With over 1.5 million deaths worldwide, a Coronavirus vaccine seems to be the need of the hour. Several countries are in the final stages of clinical trials of COVID-19 vaccines. Meanwhile, recent studies and research by scientists at the Rega Institute of Medical Research, KU Leuven, Belgium, have revealed that an altered yellow fever vaccine can boost immunity, thus protecting individuals from the novel Coronavirus.
The yellow fever vaccine (YF17D) that is currently in usage is based on a live-attenuated strain of the virus that is injected into the bloodstream of an individual. Scientists have modified the vaccine by introducing a genetic sequence from the Sars-Cov-2 virus into the yellow fever virus strain. This isn’t the first time such a modification has been done. Previously, the yellow fever vaccine has been altered for various deadly diseases like Ebola, rabies, and Zika viruses.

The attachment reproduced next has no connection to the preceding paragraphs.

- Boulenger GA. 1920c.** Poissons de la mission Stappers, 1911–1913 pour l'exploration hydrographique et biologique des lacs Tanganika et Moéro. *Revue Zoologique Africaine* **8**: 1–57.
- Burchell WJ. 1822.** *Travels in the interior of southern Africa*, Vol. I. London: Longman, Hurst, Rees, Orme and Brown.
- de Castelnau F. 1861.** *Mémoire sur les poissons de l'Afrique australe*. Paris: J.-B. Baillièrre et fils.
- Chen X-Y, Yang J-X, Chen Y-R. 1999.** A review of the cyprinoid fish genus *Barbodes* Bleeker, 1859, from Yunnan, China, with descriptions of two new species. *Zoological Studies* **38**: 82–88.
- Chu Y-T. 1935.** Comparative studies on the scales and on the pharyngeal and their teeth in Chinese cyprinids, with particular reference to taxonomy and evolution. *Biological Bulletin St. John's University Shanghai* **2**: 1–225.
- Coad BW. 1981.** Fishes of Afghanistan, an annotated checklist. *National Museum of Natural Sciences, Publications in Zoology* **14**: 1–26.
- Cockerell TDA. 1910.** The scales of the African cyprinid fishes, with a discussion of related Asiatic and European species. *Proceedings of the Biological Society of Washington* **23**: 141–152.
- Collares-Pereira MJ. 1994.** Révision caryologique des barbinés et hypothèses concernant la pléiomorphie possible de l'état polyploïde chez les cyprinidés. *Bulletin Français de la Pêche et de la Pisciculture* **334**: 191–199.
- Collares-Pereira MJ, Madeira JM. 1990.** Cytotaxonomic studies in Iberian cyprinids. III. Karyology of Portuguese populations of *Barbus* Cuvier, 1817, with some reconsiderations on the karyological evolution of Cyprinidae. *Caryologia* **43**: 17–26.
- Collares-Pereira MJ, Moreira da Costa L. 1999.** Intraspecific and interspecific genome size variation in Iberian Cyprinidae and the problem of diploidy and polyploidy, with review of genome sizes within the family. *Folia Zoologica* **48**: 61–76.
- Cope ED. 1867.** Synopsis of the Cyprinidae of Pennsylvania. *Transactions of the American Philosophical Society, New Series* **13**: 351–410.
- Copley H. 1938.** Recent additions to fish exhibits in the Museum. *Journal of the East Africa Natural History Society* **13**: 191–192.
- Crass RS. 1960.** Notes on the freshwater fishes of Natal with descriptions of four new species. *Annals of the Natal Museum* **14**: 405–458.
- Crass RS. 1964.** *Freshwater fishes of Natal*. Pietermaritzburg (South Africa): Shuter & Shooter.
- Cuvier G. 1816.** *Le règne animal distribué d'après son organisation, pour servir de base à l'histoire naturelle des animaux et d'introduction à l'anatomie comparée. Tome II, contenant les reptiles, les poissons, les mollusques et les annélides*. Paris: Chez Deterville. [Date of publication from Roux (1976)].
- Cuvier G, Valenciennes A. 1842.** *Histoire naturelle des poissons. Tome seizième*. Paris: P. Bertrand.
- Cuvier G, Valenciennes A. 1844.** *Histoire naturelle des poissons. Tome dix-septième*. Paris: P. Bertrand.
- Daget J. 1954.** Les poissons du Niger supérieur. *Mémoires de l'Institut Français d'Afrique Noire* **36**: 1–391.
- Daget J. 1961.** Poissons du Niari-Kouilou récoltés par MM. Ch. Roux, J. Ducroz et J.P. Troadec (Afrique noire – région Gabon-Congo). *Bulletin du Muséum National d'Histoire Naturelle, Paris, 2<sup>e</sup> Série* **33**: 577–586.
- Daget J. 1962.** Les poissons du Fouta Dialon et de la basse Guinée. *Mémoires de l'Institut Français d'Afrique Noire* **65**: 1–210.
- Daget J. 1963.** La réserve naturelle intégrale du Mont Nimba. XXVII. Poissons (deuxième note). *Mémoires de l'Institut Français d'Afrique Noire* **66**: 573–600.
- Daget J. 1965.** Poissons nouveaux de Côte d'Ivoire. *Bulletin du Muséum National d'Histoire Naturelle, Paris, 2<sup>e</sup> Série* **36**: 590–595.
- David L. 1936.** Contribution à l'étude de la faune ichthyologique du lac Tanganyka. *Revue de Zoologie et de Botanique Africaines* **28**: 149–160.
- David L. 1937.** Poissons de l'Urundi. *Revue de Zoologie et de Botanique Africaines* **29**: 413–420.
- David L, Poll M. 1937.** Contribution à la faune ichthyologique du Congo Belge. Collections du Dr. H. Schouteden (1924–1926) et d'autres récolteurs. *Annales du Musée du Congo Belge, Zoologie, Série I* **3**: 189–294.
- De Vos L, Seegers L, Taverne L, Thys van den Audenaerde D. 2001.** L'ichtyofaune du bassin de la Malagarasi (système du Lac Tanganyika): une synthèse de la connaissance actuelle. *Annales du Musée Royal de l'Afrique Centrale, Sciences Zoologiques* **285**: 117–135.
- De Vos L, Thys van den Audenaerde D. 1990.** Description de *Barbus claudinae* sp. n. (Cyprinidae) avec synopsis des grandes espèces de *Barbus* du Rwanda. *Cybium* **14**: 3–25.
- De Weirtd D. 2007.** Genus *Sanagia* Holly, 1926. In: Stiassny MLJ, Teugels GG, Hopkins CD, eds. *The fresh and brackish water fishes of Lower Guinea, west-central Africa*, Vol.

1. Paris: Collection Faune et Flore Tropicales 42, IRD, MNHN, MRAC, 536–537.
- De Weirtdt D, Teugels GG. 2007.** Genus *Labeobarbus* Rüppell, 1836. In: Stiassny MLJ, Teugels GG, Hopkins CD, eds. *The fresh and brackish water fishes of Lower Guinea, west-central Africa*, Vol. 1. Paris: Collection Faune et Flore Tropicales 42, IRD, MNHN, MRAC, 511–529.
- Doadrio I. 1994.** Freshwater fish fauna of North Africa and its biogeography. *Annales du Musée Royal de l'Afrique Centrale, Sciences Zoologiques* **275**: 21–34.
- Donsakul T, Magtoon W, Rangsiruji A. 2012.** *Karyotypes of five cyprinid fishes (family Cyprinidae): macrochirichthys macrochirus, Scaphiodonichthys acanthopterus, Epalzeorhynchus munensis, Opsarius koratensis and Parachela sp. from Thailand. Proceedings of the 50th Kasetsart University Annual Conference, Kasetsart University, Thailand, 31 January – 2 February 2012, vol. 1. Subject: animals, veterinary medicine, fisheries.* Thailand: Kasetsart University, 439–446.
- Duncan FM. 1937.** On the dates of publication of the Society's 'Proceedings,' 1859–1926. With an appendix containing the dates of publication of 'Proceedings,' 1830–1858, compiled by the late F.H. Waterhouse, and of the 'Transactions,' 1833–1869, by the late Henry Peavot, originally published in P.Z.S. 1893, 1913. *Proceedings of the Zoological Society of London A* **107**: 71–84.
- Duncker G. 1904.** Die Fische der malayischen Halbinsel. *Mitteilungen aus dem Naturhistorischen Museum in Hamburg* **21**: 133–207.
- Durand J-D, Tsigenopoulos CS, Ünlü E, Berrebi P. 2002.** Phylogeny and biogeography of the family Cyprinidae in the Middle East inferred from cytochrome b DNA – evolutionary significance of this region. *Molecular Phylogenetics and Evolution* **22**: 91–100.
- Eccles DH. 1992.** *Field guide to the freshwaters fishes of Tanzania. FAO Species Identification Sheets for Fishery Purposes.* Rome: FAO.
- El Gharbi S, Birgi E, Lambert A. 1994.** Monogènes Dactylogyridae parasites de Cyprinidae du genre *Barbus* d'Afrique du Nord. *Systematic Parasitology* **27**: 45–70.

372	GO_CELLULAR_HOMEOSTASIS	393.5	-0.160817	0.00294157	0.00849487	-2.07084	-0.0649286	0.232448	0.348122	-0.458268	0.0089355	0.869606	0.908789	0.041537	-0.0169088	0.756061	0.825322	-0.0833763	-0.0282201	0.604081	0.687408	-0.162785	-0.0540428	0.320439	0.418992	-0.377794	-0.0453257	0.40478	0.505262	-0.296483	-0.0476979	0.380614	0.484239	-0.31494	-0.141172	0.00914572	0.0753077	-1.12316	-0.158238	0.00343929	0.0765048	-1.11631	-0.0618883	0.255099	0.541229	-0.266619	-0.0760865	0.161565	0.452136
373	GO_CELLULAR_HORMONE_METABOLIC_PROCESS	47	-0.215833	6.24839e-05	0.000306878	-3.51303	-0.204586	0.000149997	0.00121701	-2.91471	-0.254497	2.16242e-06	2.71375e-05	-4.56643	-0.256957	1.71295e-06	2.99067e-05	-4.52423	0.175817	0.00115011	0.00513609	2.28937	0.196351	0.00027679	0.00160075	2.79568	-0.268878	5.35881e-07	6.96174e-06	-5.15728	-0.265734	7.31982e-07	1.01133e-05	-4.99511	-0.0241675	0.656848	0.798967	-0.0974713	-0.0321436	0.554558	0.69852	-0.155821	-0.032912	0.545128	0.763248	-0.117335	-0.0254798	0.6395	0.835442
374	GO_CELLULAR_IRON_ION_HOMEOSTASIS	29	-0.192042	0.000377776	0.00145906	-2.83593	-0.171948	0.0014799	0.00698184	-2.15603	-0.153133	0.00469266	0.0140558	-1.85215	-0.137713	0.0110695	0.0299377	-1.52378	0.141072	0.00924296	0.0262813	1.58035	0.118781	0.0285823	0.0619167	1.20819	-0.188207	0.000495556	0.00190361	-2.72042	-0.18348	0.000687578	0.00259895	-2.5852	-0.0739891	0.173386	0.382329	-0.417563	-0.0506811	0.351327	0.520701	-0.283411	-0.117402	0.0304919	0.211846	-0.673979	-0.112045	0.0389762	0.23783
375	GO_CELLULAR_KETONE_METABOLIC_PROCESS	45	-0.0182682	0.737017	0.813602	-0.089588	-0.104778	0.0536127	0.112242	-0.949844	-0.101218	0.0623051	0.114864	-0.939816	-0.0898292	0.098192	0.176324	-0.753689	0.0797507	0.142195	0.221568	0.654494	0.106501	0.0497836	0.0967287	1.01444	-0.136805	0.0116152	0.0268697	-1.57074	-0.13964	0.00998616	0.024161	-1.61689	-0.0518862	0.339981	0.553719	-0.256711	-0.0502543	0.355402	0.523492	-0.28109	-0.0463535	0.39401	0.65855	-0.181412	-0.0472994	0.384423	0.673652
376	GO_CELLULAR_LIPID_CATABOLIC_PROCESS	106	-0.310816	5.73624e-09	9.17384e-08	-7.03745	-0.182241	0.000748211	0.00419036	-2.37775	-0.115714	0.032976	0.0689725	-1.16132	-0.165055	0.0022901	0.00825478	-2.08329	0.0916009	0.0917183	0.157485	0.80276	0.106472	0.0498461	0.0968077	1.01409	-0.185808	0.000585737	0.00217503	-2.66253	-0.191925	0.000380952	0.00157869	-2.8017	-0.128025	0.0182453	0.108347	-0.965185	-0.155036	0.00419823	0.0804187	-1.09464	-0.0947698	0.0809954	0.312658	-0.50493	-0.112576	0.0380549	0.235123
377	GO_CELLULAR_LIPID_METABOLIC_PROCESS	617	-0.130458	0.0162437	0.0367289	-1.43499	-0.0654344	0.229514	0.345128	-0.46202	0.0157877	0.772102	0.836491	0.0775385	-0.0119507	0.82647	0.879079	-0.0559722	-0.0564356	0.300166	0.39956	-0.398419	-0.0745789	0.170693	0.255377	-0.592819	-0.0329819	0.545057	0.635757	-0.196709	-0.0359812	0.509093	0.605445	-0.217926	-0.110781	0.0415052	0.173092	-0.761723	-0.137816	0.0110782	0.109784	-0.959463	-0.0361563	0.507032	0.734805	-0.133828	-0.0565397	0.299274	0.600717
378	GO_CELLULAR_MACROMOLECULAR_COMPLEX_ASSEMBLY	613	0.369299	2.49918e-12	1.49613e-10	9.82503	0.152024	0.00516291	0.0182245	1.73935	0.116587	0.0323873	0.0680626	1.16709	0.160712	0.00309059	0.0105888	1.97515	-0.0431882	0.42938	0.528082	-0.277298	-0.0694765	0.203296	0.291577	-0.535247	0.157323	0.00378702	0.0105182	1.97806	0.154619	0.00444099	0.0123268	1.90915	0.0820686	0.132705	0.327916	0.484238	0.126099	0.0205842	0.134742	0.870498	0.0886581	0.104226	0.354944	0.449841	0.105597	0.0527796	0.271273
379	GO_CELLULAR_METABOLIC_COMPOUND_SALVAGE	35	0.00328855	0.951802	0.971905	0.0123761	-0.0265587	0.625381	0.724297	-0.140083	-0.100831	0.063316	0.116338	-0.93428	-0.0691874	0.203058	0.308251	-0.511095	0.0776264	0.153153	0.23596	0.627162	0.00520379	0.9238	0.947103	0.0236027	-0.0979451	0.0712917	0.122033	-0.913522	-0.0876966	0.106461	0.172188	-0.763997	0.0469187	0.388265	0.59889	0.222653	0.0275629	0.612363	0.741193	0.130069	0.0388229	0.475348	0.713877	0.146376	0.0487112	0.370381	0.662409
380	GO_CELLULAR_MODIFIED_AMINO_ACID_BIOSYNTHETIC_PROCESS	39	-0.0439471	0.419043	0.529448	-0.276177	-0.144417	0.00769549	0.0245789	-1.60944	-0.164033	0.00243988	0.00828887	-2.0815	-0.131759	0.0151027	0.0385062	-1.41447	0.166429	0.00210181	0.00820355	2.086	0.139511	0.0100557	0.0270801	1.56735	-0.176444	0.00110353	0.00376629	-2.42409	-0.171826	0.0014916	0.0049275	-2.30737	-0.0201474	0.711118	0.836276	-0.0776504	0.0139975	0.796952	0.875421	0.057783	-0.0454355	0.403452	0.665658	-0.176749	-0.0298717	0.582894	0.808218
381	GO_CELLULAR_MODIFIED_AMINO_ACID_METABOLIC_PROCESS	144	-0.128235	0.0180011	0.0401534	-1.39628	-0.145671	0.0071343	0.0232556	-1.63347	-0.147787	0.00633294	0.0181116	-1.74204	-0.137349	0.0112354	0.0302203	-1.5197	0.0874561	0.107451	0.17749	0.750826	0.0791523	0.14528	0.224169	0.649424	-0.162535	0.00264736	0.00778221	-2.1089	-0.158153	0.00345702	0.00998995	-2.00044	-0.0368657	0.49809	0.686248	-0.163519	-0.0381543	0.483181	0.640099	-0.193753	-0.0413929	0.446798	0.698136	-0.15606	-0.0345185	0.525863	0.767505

Altered Yellow Fever Vaccine (COVID-19) Trials on Hamsters
And the good news is that this altered yellow fever vaccine has proved to be extremely effective in controlling COVID-19 in a recent trial on hamsters. They were administered a single dose of the vaccine in the laboratory. Ten days after the vaccine was administered, the hamsters were given a Sars-Cov-2 virus solution through their noses. After a detailed study, it was found that most of the hamsters who went through the trial were immune to Covid-19. Further studies revealed that even after 3 weeks, the hamsters showed good immunity against the virus.
Is the Altered Yellow Fever Vaccine a Groundbreaking Invention?
We aren’t sure yet! However, the altered yellow fever vaccine has shown signs of being an effective alternative to the COVID-19 vaccines readied by other companies like Pfizer and BioNTech. Another positive attribute about this vaccine is that it can be stored at 36–46°F (2–8° C), unlike other vaccines that demand a storage temperature of -94°F (-70°C).
The original yellow fever vaccine however has a few drawbacks. It cannot be administered to people over the age of 60 and individuals with low immunity. This altered vaccine, though effective in animals, needs more research and trials to find out how it behaves when administered to humans.